I planned on taking the car for a nice drive to Sedalia, Colorado, in order to drop off some parts. The route was scenic, and the roads, once I got out of town, were wonderfully twisty. It was a great opportunity to take it out for a rip, and sniff out any lingering squawks after the engine swap. The weather was starting to turn, but all of the storms were coming out of the northwest; if I was expeditious about getting on the road, I could beat the weather and enjoy some spectacular scenery in the process.
I loaded my parts and hit the road just as the first raindrops started to fall. The little Turkis tii felt hungry as we worked our way south. We put a nice gap on the line of cells crossing Colorado’s Front Range until hitting a four-lane major artery north of Denver. Traffic was thick, but driving a 2002 is always a pleasure, and I was smiling proportionately. The radar showed a nasty cell bearing down behind me that could spit out some hail, but my timing looked optimistic enough that I would miss it, as long as traffic didn’t come to a complete stop.
Then calamity struck again. I was in the middle lane approaching a busy intersection when the shifter stubbornly stuck in fifth gear. I thought quickly as traffic overwhelmed me like a tsunami; it could be the shift linkage, the shift platform, or the detent pins within the gearbox. As horns blazed, this was no place or time for diagnosis; the little Turkis tii and I were in grave danger. It was just a matter of time before someone plowed into me.
I pulled, tugged, massaged, and pleaded with the shifter to move into anything but fifth gear, but it refused to budge. My attention was broken by the sound of screeching oversized tires and the word RAM rapidly filling my rearview mirror, but luckily that one missed me. Worse yet, that thunder cell had turned red on the radar and was bearing down on me fast. I needed to move—and move now!
Pushing was not an option, because I needed have a foot on the clutch pedal to disengage the transmission. I would have to drive the car, and the clutch would have to be the sacrificial lamb. I started the Turkis tii and started slipping the clutch to lurch it along from a standstill in fifth gear. You wouldn’t think it, but with just the right amount of in-and-out on the clutch pedal, an M10 engine will happily start in fifth gear and even get up to a speed where the engine isn’t bogging if you are methodic and patient. God help you if you have to stop again—which I inevitably had to—but I was making progress. To make matters worse, I could see hail falling from the cell now—and it was getting closer.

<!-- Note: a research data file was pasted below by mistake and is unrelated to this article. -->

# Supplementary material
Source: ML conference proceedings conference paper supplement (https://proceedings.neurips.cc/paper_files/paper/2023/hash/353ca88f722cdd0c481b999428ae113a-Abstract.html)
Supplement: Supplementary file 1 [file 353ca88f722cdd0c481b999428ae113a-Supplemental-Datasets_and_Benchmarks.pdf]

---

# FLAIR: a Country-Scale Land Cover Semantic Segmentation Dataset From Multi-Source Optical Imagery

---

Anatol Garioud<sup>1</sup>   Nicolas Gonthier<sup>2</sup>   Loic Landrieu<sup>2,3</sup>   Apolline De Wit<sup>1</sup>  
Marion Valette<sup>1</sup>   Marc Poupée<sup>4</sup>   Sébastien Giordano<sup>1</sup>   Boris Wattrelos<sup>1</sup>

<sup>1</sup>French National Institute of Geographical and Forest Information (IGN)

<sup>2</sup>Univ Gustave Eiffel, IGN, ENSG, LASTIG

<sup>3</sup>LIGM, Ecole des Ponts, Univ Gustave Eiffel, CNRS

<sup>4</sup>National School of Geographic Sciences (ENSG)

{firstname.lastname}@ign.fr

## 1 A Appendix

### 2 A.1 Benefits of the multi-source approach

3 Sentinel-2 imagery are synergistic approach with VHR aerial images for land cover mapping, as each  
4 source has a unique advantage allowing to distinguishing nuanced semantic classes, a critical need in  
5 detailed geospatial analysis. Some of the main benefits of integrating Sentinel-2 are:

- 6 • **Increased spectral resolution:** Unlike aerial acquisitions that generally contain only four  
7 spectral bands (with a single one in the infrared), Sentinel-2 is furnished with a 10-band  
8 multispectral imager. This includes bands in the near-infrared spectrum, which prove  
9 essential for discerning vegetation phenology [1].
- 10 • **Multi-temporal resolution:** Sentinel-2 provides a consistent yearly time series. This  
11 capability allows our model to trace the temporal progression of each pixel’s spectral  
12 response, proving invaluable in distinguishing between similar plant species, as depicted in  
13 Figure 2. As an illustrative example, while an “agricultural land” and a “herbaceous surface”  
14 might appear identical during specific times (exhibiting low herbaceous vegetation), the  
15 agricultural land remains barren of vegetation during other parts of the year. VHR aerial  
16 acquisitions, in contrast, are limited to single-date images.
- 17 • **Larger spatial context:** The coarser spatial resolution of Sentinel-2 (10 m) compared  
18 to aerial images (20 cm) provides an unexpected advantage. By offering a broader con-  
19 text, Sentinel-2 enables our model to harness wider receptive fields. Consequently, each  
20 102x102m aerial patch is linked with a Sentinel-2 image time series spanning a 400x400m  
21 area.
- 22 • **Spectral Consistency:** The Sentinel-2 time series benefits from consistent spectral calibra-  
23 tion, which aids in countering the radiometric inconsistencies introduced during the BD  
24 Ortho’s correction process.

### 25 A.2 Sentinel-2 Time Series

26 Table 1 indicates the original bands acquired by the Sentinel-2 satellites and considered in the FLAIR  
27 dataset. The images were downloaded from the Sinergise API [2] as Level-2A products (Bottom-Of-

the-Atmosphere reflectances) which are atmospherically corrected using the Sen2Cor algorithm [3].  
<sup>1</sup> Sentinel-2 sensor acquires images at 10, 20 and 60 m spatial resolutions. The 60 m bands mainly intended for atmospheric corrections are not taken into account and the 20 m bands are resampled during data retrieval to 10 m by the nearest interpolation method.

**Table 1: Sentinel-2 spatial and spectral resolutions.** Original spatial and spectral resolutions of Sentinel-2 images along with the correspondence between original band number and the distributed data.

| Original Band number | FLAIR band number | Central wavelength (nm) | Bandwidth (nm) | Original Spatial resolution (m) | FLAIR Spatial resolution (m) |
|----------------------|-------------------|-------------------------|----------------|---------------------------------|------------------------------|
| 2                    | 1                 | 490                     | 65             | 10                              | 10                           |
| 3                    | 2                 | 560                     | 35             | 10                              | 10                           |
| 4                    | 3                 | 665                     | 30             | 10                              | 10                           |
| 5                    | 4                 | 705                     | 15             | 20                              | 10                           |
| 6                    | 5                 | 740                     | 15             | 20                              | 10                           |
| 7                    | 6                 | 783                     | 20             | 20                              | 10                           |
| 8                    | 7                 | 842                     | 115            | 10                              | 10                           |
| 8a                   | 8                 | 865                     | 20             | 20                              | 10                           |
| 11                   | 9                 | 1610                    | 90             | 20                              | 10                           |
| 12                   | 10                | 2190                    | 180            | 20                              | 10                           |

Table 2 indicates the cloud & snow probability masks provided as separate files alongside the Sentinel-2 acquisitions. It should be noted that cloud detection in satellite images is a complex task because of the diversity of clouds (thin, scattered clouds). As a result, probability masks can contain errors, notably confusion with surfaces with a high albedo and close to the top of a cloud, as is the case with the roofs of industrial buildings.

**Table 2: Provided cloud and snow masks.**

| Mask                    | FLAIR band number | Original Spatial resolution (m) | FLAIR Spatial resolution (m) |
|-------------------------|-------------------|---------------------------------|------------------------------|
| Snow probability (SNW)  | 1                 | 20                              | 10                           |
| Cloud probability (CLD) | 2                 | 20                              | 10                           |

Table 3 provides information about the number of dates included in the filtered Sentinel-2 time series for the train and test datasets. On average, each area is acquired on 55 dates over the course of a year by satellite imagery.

I knew of an abandoned parking garage several blocks away. With a little bit of green-light luck, I could probably coax the Turkis tii undercover—if the clutch would just hold up. If it worked, I could save the car and myself from being rear-ended, and perhaps even belucky enough to avoid the hail. I begged the clutch to last and willed the lights to stay green. Come on, come on!
With the last green light, I made it—and I got the car under cover just as the first large raindrop started to fall. They were soon followed by Skittle-size hail, and then mothball-size hailstones, with a few potential golf balls mixed in for variety. Phew!
Sheltering in the concrete fortress, I rode out the storm to the smell of a burnt clutch, but both the Turkis tii and I had survived intact. A security guard eventually shooed me out, but by then the storm had passed. I was tempted to say, “I’m not parking here, I’m abandoning!” but discretion won the moment. I left the Turkis tii in another parking lot and got a ride from a friend to grab my Ford Excursion and trailer. I had the Turkis tii safe and sound back at the hangar by dark.
Maybe it’s fate, maybe it’s the universe, or maybe this little Turkis tii just doesn’t want to leave me. Whatever it is, I have no one to blame but myself. I saw something in this car that nobody else seems to, and it’s done nothing but hurt me for it ever since. But like any toxic relationship, I just can’t seem to leave it. For now I’m going to walk away for a few days, and then I’ll get it in the air and suss out the problem, along with a new clutch in the process.
How long our toxic relationship lasts remains to be seen, but for now, I’m not quite ready to leave.—Alex McCulloch
[Photos courtesy Alex McCulloch.]